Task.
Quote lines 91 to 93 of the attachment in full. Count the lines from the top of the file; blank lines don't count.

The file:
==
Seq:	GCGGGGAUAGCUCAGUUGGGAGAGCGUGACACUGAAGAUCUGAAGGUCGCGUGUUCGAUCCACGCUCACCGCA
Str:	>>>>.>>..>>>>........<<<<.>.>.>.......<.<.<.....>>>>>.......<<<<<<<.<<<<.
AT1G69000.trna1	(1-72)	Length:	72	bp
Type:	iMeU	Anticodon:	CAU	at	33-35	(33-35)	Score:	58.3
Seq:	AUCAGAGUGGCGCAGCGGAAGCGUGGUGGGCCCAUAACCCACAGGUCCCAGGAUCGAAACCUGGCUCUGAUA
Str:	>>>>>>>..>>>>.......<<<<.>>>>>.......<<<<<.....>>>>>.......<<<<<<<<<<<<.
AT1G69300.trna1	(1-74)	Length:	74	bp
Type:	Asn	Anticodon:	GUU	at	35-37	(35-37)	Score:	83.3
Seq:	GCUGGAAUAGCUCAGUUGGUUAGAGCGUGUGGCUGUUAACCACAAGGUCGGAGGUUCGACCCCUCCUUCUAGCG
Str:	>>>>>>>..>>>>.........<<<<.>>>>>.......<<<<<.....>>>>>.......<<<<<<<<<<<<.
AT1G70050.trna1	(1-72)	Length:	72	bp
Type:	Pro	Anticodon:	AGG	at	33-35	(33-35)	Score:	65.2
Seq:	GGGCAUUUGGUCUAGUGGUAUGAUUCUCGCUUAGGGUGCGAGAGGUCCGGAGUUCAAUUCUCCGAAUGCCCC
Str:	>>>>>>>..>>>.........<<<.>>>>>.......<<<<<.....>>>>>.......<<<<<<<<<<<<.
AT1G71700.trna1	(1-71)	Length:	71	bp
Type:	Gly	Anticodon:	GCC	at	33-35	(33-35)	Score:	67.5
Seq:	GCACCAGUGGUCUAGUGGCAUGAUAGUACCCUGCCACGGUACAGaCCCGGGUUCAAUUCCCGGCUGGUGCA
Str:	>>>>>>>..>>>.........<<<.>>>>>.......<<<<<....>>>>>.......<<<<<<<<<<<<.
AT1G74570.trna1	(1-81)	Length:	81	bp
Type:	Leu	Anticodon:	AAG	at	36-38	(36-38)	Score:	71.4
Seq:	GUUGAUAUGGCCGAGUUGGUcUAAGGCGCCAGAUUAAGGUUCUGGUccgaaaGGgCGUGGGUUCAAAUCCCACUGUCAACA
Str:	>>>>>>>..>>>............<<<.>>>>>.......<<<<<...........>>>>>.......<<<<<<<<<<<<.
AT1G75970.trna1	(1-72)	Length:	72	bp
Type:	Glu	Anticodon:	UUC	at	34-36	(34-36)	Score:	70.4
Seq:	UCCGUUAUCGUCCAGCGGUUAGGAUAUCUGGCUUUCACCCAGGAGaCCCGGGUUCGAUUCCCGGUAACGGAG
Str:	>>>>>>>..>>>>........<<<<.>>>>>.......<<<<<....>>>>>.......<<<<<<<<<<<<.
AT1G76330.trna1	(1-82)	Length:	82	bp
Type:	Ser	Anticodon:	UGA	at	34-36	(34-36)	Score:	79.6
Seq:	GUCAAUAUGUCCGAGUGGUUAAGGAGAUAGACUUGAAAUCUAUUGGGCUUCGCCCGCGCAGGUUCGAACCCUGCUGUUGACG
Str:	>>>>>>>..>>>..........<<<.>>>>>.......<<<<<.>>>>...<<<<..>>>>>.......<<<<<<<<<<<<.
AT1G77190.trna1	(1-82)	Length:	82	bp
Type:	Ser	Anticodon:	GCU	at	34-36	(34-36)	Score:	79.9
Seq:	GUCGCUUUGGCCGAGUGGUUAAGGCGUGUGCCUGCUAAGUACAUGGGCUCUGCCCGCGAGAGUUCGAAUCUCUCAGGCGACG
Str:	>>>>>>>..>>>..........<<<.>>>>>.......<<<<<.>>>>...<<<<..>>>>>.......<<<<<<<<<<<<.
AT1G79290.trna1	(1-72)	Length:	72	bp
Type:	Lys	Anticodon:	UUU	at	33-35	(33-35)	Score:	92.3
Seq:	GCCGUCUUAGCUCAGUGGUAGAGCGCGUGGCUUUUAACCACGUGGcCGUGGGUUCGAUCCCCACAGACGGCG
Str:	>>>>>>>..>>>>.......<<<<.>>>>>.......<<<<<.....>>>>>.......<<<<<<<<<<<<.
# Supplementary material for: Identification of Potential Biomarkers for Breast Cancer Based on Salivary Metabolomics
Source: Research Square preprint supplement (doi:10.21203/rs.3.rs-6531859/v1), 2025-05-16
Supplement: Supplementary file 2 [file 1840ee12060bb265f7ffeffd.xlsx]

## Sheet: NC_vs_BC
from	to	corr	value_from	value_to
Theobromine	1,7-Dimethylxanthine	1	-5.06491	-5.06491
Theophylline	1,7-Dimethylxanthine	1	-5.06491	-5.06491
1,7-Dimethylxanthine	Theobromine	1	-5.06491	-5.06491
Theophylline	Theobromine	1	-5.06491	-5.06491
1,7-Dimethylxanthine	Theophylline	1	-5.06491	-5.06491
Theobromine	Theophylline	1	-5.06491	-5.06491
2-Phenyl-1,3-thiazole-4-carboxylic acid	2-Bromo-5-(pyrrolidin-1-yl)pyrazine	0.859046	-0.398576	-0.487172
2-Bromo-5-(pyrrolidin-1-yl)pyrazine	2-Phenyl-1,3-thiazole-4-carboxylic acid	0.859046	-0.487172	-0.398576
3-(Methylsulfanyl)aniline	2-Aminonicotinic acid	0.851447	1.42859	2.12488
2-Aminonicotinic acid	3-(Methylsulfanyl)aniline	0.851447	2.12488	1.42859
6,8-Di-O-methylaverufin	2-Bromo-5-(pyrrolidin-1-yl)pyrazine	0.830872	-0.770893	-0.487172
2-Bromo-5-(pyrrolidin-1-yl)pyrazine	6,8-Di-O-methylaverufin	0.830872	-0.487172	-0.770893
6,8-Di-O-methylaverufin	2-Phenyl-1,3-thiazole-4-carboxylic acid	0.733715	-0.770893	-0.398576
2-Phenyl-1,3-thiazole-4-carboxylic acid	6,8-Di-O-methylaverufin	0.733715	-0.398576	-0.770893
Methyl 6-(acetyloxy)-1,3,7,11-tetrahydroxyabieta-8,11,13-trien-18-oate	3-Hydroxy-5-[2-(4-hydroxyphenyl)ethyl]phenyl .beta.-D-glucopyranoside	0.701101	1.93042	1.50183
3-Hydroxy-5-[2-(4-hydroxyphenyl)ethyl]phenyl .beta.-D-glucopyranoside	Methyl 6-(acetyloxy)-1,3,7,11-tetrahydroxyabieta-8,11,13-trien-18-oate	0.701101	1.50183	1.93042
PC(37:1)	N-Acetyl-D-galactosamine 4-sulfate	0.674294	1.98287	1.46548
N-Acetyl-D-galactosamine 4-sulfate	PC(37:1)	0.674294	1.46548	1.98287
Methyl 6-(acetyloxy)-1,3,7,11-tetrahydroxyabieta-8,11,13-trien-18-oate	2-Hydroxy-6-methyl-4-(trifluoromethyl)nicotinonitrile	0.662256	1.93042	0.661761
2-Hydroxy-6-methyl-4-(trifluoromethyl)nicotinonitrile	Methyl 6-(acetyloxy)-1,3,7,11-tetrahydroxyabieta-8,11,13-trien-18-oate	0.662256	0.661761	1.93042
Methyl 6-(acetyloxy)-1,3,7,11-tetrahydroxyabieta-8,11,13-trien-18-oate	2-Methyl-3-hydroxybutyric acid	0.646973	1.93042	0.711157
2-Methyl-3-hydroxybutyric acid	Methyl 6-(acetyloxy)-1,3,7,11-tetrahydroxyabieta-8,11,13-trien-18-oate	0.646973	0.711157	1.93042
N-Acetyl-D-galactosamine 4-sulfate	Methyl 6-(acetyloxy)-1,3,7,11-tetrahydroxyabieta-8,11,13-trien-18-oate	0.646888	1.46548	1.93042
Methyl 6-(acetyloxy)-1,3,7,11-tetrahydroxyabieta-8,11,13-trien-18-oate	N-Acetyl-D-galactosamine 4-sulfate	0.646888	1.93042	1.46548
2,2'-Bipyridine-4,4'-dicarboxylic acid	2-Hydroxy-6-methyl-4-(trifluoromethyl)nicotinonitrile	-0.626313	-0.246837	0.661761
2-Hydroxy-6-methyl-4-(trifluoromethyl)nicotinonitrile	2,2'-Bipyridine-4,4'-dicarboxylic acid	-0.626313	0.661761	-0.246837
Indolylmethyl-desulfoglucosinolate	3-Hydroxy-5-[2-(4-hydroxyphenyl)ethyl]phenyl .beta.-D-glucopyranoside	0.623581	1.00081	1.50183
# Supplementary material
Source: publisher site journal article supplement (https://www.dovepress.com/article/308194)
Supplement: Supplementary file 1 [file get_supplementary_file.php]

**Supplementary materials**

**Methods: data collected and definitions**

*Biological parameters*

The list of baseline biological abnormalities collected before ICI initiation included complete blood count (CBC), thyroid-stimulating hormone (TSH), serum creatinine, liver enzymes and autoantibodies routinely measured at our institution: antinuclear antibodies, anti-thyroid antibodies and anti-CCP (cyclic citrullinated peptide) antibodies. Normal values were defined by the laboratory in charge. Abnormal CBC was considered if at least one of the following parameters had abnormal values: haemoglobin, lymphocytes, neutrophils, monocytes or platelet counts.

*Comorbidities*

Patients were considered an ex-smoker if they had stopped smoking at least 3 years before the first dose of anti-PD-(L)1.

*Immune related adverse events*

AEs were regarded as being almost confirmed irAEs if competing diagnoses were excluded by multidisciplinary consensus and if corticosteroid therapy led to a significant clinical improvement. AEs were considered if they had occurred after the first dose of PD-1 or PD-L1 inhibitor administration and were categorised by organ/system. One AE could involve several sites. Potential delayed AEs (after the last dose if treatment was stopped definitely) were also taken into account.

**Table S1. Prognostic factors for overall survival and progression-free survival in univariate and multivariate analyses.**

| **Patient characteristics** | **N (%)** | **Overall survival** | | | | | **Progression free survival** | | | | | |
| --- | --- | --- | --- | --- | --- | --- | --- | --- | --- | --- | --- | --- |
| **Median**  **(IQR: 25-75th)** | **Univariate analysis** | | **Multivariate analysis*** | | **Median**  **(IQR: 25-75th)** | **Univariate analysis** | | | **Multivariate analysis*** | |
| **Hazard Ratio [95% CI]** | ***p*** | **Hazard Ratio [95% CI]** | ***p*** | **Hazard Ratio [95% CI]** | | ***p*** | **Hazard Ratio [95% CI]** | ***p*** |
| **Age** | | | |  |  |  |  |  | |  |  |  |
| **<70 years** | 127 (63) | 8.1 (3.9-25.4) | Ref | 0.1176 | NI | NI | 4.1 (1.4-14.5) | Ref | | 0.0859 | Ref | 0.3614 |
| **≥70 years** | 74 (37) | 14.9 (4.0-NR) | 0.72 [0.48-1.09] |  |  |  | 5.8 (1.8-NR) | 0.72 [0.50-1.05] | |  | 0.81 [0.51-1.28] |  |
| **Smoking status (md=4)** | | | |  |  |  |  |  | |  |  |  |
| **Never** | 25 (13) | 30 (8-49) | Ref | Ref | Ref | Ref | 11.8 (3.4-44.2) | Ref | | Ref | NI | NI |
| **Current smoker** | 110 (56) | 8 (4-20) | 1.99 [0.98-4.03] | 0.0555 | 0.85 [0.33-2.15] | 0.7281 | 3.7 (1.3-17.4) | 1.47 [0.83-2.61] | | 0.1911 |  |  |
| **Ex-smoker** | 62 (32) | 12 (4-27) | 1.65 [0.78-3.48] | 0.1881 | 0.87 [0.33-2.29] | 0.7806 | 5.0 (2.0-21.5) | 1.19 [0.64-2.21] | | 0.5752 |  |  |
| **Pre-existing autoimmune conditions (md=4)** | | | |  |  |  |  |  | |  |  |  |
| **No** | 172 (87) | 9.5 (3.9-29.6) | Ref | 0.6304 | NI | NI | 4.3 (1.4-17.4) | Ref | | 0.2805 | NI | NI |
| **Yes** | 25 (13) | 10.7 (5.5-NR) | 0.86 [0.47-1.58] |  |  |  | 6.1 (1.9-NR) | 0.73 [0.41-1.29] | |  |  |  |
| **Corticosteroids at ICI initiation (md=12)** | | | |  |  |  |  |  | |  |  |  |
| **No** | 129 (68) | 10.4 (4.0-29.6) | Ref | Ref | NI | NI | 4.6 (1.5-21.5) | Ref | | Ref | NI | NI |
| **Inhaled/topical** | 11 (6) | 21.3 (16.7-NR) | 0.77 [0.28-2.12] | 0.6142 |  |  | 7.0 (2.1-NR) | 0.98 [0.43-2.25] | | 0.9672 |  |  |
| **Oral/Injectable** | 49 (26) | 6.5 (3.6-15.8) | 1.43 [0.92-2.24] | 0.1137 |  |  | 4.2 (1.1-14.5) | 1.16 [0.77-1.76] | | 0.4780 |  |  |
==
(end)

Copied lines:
| **Never** | 25 (13) | 30 (8-49) | Ref | Ref | Ref | Ref | 11.8 (3.4-44.2) | Ref | | Ref | NI | NI |
| **Current smoker** | 110 (56) | 8 (4-20) | 1.99 [0.98-4.03] | 0.0555 | 0.85 [0.33-2.15] | 0.7281 | 3.7 (1.3-17.4) | 1.47 [0.83-2.61] | | 0.1911 |  |  |
| **Ex-smoker** | 62 (32) | 12 (4-27) | 1.65 [0.78-3.48] | 0.1881 | 0.87 [0.33-2.29] | 0.7806 | 5.0 (2.0-21.5) | 1.19 [0.64-2.21] | | 0.5752 |  |  |